Our Dead Have Faces, Recollections of James Hugh Powers
Our Dead Have Faces
Recollections of James Hugh Powers
From the photograph hung on my living room wall, the 19-year-old soldier gazes into the room, his Army visor hat on at a cocky angle, yet â€œregulation.â€ His uniform is immaculate, the Acorn (87th) Division patch showing on his left shoulder. His eyes twinkle, and a broad, engaging youthful smile greets the world. An eternal teenager and Harvard freshman, he is frozen in time.
It is so like the photographs one sees of Soldiers, Sailors and Marines of other wars, captured by the camera….the Civil War, the Spanish-American War, the two World Wars, the Korean War, the War in Vietnam, and most recently the Gulf War. They are young, and their moods are many. They are in their hours of hope, boredom and danger, living for today and aspiring to live to see tomorrow. They are not supermen, not larger than life, however great their bravado. They are very human. They are regular guys.
They griped about the powers that be who commanded their units. They opined abut the offerings of the cooks. They tried to impress the girls when they were on liberty. Some of them got into trouble with the Shore Patrol and Mps, and were extracted from it by their Cos and their buddies. Their feet hurt. They endured either tropical humidity and heat, or the dampness and cold of winter battlefields. They talked about what they would do when they returned home, gambling that the odds were in their favor They wrote loving letters to their parents, kidding letters to their siblings, and outrageous nonsense to their girl friends. They died.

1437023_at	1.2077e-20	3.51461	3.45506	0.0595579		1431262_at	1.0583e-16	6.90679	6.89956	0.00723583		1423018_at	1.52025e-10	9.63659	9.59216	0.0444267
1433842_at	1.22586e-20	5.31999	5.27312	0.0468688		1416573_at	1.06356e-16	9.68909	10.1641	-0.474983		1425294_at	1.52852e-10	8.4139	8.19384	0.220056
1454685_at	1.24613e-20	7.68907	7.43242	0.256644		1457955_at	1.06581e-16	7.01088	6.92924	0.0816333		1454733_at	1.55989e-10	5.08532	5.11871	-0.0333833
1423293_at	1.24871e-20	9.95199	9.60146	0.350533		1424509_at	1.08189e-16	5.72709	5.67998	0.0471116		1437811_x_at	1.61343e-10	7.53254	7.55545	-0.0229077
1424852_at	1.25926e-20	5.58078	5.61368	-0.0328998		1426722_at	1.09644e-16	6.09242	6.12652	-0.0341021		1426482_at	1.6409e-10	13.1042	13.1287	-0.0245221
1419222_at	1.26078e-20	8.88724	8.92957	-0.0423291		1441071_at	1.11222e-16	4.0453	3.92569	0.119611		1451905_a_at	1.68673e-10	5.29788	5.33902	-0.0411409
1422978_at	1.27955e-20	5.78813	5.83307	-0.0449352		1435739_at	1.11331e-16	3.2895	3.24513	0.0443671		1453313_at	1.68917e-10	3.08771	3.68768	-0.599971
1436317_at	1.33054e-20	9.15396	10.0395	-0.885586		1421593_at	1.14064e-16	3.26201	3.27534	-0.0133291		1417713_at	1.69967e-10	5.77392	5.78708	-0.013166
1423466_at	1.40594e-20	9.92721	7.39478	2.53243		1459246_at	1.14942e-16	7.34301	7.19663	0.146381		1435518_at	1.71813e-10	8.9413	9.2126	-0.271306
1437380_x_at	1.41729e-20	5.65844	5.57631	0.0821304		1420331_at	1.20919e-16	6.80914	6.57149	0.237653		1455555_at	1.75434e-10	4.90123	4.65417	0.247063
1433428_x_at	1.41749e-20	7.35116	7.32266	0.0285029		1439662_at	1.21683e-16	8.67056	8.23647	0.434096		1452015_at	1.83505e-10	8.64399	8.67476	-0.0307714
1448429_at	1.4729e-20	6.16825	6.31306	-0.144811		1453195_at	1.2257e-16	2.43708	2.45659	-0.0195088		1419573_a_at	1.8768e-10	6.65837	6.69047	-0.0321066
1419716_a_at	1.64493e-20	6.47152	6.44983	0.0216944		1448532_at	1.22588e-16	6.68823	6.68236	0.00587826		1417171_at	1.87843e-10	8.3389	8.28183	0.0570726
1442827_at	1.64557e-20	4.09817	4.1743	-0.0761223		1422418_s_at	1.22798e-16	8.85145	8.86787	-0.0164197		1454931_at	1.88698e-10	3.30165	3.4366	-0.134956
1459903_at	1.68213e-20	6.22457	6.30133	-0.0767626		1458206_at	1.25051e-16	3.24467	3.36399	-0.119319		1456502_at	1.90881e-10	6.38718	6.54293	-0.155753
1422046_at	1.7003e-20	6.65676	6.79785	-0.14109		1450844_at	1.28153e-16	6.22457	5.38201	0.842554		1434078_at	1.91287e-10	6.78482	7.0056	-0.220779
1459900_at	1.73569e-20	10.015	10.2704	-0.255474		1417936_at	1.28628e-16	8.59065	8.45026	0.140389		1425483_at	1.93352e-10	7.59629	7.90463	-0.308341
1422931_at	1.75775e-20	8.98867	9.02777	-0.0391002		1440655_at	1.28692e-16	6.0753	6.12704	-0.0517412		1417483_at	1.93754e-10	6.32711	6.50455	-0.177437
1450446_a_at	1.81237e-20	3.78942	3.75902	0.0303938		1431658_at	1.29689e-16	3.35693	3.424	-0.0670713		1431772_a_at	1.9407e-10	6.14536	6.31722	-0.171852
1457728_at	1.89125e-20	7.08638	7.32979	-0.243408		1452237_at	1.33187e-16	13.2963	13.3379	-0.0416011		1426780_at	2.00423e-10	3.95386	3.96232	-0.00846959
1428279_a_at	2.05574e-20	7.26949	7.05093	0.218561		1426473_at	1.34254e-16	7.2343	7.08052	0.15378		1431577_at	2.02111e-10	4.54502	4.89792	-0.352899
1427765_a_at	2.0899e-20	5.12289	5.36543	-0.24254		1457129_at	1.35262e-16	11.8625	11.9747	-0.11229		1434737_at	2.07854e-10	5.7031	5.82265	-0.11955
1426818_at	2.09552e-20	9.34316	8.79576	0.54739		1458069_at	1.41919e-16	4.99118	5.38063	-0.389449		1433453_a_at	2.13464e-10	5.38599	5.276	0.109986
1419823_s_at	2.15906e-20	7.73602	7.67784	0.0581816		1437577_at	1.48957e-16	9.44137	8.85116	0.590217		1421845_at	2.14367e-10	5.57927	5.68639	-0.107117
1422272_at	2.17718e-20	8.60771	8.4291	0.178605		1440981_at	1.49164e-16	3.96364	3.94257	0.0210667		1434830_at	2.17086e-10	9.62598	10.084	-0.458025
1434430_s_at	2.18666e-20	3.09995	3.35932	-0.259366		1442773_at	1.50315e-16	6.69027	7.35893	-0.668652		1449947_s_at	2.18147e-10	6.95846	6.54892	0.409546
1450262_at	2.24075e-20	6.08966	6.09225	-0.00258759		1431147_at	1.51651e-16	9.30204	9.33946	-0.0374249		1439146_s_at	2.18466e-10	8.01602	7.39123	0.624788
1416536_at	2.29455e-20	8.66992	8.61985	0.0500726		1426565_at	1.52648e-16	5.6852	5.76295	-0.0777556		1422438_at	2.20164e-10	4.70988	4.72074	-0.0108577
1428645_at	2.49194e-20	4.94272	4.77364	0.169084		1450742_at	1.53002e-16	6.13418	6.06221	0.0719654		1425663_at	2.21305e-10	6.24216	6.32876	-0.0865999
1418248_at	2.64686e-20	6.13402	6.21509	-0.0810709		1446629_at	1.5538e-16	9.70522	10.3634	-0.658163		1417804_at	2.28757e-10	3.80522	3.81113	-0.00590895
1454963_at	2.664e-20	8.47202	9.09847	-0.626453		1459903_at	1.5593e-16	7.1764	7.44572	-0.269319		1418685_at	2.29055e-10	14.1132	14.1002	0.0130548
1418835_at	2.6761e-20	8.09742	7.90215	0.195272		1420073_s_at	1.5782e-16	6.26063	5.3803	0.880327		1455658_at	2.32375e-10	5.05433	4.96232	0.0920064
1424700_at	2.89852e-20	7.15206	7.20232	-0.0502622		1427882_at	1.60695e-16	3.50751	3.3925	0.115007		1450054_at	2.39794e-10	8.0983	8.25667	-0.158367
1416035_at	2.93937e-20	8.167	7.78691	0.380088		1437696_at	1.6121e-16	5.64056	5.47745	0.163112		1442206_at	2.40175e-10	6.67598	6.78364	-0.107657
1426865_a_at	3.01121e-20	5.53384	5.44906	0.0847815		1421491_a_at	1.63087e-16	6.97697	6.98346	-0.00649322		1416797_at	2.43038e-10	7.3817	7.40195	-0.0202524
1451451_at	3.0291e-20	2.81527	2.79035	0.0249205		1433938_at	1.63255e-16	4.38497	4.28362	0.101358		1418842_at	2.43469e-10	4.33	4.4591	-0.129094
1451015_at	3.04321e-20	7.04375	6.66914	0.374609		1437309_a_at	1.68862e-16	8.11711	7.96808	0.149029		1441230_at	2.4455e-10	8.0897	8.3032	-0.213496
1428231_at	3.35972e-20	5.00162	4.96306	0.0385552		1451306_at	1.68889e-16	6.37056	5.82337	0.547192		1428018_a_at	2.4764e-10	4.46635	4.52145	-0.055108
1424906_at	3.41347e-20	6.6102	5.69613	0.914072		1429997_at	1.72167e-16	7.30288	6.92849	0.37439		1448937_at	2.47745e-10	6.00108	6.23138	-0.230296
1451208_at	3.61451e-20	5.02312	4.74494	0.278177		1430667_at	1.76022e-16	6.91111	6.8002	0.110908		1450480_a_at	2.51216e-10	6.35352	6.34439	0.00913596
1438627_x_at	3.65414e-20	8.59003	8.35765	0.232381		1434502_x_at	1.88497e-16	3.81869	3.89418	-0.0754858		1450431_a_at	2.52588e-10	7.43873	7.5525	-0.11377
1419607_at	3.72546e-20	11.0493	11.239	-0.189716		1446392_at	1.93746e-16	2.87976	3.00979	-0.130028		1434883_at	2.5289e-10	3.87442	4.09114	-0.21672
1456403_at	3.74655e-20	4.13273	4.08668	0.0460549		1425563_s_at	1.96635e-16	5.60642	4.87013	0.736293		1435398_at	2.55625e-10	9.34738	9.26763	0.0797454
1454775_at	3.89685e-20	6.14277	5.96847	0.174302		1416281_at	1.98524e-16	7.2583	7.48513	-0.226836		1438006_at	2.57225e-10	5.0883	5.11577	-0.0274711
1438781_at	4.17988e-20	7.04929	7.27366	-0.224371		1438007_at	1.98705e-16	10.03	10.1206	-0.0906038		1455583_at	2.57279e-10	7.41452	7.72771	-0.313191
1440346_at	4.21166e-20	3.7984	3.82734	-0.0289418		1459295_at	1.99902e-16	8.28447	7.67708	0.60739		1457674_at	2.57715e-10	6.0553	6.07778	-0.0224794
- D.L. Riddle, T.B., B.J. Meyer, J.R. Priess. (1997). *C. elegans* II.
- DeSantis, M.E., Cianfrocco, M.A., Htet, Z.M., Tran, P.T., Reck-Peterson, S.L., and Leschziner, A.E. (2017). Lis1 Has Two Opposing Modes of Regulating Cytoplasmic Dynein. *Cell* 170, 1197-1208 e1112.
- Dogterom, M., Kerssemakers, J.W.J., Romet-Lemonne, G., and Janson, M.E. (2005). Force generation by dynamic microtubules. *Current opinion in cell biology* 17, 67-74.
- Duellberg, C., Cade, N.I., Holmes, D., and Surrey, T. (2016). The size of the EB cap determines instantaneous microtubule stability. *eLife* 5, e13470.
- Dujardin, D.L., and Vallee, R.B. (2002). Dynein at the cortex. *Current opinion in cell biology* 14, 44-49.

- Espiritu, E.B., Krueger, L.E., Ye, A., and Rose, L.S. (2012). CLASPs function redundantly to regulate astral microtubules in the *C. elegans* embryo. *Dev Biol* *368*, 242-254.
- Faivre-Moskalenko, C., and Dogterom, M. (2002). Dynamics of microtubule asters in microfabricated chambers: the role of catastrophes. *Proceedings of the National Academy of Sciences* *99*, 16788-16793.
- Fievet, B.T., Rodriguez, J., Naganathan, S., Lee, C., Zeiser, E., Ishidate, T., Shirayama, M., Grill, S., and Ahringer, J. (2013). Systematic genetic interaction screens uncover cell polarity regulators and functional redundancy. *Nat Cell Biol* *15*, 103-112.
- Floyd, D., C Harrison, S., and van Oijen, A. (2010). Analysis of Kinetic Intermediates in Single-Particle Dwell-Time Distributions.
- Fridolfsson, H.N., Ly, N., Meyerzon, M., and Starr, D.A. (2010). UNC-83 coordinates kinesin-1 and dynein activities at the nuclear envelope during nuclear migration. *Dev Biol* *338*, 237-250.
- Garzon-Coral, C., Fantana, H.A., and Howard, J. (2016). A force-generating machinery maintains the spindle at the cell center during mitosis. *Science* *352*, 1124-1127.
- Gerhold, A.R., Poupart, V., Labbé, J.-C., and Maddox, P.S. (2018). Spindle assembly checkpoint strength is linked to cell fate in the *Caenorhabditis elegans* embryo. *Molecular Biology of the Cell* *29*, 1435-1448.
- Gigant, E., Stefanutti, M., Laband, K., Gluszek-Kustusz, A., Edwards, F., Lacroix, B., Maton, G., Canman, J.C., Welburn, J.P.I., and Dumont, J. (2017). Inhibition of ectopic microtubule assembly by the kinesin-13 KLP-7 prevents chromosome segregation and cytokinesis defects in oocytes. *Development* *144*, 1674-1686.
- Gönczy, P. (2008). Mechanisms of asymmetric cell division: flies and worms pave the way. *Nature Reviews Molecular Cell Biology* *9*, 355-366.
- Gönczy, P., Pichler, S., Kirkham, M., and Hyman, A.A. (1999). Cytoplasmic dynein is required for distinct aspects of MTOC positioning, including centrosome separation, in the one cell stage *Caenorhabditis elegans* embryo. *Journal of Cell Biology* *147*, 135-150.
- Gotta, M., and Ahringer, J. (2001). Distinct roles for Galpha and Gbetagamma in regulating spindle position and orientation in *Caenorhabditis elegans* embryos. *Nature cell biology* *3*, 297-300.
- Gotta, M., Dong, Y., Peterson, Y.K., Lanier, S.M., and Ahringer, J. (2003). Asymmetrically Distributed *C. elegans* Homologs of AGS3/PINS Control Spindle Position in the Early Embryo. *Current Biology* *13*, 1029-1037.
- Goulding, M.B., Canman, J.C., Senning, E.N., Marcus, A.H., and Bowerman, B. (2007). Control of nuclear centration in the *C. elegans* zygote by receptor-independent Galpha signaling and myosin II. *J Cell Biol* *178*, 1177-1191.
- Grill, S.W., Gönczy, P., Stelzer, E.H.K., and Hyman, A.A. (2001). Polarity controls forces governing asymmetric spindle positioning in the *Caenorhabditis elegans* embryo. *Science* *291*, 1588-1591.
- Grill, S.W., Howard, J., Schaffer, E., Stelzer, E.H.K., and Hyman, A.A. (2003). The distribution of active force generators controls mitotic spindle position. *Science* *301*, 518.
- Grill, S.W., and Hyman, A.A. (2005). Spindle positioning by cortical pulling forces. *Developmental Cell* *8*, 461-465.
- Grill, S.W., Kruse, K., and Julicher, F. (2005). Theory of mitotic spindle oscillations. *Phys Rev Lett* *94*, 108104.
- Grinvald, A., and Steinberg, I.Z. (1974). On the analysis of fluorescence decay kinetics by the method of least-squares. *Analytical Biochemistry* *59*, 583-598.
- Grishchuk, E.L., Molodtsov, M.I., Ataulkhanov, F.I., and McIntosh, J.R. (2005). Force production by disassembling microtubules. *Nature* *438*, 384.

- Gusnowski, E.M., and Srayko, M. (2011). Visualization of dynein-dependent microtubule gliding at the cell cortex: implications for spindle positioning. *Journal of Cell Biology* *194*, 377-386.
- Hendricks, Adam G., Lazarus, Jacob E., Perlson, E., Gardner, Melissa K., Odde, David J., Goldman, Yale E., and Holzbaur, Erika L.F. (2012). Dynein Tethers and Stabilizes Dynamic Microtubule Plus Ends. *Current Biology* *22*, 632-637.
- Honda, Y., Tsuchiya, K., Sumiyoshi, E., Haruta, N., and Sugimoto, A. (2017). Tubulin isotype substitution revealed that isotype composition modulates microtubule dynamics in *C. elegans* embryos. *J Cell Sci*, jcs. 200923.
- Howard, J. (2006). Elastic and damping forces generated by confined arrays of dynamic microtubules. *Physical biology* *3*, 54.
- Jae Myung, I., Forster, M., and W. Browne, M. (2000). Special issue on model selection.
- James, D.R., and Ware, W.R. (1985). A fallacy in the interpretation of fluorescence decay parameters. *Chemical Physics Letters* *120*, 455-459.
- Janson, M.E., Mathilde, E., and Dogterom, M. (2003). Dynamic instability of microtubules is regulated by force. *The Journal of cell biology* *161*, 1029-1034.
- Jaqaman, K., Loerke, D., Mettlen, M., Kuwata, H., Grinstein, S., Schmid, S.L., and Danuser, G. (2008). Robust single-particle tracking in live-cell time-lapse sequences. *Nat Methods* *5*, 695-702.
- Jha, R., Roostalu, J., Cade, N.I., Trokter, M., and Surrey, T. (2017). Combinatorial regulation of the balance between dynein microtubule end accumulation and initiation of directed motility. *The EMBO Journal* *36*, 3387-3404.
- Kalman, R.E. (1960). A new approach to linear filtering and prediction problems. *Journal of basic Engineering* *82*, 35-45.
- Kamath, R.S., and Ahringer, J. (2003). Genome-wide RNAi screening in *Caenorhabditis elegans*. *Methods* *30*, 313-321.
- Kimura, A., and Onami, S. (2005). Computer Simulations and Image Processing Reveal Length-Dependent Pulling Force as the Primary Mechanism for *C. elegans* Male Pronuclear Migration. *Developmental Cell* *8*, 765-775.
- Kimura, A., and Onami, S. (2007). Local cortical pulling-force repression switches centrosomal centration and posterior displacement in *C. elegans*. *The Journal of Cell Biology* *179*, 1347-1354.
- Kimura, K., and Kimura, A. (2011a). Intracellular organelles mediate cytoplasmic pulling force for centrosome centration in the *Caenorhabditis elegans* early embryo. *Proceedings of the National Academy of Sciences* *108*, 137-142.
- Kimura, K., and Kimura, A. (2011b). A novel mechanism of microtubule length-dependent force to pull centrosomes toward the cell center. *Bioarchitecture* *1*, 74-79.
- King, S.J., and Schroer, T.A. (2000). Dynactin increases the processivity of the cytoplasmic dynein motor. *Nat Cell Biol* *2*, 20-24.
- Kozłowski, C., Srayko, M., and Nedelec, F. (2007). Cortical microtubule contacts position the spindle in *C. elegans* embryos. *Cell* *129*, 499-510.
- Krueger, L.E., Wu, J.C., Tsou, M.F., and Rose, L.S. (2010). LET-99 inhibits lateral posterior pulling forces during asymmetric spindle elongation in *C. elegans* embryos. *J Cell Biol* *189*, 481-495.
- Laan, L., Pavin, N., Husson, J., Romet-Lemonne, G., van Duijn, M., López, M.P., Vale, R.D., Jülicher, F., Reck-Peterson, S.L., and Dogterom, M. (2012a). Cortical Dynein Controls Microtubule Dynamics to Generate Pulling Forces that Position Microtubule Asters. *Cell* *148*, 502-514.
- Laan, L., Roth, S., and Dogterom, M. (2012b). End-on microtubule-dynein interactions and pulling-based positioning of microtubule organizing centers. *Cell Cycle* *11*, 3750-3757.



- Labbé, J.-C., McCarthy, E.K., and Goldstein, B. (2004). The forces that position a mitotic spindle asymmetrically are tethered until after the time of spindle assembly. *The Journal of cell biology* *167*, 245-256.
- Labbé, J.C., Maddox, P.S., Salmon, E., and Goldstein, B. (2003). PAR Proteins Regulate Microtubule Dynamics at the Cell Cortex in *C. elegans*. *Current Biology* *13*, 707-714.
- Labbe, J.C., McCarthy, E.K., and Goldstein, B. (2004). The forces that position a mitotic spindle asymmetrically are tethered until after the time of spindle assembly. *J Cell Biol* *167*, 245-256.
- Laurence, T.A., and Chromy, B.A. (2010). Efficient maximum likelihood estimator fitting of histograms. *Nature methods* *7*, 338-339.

For those of use who shared the rigors of war and survived, there lingers always that haunting question? How would our families and country have fared had we died and our buddies had lived.? Why were we spared? Why did so many men who were so much better than ourselves because the victims of fate?
Our dead have faces. Their voices echo in our memories. They gave the last full measure of devotion, taking their courage in their hands and defying fear. They marked their ballots for freedom with their own blood. This is how it is, out there on the battle line. Death is nasty. It is not poetic. Parting is instantaneous for some. Others, less lucky, linger in agony their buddies write white lies home, to spare the family. Every article of the Bill of Rights is fashioned from torn flesh. And in my worst nightmares, the red stripes on our flag begin to run downwards, dripping to the ground, as the banner flies lazily against a black sky, and the moans of wounded intensify , the legacy of time spent in a Naval hospital.
Who was this soldier? A few vignettes come down through the halls of time now fading into history.
He was a small boy once, full of imagination and mischievousness and adventure,,, at times a bit too much for his parents!
In 1927, when we were living in Sudbury, Massachusetts, mother was expecting a third child which she hoped would be a daughter as she found two sons quite a handful. She asked Pet and myself, his oldest brother, whether we would like a nice little sister. Pete and I retired to a nearby room and consulted. Then we returned with this verdict: â€œMommy, we would rather have rabbits.â€ We got neither. What we got was one number 3, John, Yale man, future attorney, Assistant District Attorney, administrator and author.
A small boy, Pete went into our Father’s studio office, upstairs in our home, then in Sudbury, Massachusetts. Curious, he began to explore, peeking into everything, including then unlocked drawers of our dad’s office desk. Pete came upon Dad’s Army service revolver, and ammunition therefor, in a drawer left unlocked by oversight. Pete loaded the weapon, aimed it at the studio floor and began firing.